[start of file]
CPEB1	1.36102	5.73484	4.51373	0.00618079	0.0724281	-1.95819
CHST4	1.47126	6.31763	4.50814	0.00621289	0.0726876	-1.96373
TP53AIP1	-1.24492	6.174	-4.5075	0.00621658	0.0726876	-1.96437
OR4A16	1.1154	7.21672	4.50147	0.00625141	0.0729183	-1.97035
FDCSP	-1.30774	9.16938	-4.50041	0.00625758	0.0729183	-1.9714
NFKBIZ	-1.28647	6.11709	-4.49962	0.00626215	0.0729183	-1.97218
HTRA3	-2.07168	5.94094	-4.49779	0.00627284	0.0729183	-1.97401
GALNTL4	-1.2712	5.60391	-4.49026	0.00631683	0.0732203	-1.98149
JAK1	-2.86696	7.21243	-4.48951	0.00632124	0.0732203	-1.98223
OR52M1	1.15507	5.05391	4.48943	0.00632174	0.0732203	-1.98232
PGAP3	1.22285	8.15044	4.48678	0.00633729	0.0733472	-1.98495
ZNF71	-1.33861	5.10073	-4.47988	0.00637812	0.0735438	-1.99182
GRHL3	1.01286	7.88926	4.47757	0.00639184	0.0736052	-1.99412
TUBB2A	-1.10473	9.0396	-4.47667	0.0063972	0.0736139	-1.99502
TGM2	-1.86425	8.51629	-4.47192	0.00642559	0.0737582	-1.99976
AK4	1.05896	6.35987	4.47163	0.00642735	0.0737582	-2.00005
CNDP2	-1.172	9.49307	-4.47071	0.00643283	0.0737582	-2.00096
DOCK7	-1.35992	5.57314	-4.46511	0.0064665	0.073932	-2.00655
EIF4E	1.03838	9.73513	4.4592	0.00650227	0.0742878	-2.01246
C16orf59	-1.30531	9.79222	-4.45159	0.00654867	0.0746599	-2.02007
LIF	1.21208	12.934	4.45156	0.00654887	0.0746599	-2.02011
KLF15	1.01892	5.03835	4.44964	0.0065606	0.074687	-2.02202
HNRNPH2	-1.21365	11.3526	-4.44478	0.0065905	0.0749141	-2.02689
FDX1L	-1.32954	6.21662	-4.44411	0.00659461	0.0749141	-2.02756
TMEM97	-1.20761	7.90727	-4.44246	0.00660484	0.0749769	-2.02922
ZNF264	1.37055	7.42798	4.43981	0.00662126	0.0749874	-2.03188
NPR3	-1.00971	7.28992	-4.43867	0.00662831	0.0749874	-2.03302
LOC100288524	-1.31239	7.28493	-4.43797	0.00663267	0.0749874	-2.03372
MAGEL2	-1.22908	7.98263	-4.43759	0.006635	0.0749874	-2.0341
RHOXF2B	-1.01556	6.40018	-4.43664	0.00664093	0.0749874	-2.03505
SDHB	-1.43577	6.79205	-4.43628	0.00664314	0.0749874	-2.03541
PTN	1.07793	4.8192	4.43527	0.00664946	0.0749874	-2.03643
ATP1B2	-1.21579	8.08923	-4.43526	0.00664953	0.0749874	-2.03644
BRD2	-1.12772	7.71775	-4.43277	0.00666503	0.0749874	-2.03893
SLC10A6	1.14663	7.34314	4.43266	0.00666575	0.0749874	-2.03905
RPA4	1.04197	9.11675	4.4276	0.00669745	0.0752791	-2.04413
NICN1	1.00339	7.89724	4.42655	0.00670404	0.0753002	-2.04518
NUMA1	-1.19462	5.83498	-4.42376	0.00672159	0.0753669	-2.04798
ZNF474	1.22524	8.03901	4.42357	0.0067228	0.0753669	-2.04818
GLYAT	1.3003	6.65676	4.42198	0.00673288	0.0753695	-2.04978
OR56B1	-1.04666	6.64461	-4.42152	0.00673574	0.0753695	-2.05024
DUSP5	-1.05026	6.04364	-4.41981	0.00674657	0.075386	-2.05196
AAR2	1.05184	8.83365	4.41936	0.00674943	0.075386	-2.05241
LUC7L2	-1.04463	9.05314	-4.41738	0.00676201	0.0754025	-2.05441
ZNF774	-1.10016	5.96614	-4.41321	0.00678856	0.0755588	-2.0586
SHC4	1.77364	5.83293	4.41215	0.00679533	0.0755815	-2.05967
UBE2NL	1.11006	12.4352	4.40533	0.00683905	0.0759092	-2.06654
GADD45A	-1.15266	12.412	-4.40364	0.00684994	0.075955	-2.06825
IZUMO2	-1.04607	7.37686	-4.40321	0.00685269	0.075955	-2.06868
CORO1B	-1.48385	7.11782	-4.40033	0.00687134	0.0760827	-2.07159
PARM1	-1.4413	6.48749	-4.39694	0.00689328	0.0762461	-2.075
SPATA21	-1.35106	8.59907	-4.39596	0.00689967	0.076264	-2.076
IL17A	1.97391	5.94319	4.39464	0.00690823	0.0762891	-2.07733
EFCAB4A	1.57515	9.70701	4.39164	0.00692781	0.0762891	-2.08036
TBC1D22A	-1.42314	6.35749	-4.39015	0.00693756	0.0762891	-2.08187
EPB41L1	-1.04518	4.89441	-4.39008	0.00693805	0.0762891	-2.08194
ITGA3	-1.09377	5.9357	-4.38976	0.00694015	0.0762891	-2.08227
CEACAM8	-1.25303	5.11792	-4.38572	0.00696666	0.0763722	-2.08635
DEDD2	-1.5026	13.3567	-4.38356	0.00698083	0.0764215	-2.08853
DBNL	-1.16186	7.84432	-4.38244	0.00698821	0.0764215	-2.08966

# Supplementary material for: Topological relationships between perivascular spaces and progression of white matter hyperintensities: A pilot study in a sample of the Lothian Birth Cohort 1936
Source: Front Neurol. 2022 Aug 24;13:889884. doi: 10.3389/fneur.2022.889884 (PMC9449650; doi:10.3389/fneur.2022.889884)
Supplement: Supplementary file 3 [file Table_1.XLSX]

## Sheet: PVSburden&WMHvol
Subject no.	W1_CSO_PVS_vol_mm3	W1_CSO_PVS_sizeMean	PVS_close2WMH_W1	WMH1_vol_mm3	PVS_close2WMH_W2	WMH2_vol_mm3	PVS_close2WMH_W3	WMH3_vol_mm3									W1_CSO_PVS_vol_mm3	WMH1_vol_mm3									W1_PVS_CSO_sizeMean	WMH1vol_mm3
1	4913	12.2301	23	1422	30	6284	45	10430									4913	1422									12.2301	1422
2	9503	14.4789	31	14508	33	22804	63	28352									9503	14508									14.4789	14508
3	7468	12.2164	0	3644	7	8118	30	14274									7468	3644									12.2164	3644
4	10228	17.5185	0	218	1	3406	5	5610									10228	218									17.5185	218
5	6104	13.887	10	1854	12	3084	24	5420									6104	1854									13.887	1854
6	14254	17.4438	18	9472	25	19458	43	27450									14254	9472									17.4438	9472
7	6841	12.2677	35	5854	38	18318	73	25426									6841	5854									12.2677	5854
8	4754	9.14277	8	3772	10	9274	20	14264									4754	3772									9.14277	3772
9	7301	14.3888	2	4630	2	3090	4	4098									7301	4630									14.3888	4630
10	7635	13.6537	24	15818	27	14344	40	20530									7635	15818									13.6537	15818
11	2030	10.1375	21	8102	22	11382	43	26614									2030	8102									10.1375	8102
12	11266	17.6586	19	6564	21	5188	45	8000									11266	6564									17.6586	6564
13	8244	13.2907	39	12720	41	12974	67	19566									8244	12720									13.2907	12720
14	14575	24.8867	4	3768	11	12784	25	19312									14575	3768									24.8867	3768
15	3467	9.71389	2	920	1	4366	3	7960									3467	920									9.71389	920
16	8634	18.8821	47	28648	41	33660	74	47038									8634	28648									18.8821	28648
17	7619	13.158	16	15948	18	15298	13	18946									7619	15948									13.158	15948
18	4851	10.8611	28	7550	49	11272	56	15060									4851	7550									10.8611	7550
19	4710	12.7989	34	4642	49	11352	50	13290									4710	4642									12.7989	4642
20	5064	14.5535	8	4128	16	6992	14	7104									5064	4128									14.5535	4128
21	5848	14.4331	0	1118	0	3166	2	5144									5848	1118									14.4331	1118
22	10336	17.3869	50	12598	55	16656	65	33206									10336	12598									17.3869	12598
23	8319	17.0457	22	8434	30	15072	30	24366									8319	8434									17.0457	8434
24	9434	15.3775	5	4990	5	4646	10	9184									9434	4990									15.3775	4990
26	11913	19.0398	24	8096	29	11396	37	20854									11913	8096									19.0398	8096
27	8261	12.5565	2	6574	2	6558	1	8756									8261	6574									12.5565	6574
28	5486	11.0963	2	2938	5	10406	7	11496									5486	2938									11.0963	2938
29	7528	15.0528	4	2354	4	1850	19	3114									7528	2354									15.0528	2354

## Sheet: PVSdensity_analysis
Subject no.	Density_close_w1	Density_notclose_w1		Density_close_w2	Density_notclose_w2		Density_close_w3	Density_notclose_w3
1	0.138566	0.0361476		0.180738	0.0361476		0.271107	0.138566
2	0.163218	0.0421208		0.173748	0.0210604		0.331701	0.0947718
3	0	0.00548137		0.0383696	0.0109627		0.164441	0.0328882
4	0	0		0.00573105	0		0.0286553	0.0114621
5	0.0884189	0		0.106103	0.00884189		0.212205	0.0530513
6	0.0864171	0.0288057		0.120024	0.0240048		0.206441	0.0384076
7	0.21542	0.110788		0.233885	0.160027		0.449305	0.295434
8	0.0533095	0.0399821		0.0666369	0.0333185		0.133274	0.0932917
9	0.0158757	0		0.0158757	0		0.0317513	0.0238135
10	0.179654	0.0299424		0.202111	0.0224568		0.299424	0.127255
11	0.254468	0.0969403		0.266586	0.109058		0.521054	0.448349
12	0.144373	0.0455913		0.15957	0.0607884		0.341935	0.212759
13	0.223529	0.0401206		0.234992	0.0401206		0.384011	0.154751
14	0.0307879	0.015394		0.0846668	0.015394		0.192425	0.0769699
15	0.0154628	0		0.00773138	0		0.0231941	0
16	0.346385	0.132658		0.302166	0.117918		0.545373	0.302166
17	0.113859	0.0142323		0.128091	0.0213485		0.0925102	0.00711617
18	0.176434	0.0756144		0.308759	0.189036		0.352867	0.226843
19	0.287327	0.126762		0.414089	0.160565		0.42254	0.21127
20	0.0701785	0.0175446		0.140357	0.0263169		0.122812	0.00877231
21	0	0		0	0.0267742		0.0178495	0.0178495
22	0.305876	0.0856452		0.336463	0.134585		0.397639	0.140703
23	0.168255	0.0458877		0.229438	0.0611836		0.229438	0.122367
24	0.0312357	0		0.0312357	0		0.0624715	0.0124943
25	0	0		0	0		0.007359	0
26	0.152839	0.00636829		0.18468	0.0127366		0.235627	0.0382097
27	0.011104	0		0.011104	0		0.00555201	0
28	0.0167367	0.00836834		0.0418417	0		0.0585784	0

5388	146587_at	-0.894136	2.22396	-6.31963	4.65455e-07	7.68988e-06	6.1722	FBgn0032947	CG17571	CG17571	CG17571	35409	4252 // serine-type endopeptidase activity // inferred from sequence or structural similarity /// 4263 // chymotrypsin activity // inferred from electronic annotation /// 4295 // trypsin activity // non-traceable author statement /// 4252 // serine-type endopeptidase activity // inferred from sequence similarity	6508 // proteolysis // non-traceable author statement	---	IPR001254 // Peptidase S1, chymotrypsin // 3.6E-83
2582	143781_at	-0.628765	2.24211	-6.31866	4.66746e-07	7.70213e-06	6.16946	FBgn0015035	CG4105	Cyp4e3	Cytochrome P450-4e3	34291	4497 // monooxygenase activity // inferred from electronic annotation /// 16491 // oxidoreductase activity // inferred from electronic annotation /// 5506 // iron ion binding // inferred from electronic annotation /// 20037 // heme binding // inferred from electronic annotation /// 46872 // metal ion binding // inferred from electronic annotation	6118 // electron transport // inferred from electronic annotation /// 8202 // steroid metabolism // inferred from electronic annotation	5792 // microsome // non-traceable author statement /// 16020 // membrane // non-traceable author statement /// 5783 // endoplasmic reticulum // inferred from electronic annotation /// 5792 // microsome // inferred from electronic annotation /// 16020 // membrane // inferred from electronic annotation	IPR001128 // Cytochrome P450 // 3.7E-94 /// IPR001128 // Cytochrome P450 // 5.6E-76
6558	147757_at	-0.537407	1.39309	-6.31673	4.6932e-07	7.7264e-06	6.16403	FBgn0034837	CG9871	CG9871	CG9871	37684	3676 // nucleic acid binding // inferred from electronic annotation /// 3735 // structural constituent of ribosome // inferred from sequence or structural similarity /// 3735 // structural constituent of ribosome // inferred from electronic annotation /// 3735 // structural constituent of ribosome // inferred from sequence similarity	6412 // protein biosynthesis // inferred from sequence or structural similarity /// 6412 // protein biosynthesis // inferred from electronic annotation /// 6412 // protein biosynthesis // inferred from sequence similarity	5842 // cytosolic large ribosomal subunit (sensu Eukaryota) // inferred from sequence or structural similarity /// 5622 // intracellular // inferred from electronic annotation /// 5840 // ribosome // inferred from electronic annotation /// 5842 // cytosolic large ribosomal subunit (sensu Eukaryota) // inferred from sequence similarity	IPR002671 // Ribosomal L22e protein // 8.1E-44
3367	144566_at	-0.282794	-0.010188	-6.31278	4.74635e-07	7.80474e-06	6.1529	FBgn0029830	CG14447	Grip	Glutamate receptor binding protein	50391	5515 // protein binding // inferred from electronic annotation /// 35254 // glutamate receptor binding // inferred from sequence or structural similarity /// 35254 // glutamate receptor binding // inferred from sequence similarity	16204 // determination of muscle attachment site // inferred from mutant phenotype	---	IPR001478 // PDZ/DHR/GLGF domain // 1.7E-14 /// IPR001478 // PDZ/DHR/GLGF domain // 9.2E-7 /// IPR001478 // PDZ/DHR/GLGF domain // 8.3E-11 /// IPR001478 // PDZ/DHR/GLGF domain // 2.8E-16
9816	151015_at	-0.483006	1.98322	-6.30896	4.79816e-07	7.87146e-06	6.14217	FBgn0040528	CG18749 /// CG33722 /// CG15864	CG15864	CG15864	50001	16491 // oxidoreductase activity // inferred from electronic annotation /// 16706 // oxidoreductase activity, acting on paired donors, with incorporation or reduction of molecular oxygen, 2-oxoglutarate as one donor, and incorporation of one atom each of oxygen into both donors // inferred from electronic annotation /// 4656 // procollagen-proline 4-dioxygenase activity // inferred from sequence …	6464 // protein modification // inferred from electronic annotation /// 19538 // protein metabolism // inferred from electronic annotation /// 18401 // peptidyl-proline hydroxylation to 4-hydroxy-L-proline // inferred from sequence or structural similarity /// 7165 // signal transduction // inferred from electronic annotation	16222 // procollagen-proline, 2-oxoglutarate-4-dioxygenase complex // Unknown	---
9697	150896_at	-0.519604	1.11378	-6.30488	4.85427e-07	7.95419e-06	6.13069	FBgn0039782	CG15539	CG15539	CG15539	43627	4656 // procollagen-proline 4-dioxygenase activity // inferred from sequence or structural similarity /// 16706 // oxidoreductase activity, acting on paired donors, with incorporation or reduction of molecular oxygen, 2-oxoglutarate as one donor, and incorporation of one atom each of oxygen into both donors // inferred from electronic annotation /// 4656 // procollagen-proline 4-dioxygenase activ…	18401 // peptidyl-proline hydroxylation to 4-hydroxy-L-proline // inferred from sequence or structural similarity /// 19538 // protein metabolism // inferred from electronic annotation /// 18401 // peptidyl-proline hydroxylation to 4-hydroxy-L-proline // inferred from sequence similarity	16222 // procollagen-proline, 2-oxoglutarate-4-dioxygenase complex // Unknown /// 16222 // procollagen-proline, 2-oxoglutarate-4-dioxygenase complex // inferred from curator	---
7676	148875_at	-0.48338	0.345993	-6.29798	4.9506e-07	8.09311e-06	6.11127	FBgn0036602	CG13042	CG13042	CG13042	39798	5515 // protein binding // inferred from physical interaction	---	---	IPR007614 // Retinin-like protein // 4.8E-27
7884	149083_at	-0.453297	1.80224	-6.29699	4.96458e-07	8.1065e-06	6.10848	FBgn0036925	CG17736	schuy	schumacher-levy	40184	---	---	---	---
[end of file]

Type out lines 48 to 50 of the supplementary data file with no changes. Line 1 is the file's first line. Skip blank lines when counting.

GADD45A	-1.15266	12.412	-4.40364	0.00684994	0.075955	-2.06825
IZUMO2	-1.04607	7.37686	-4.40321	0.00685269	0.075955	-2.06868
CORO1B	-1.48385	7.11782	-4.40033	0.00687134	0.0760827	-2.07159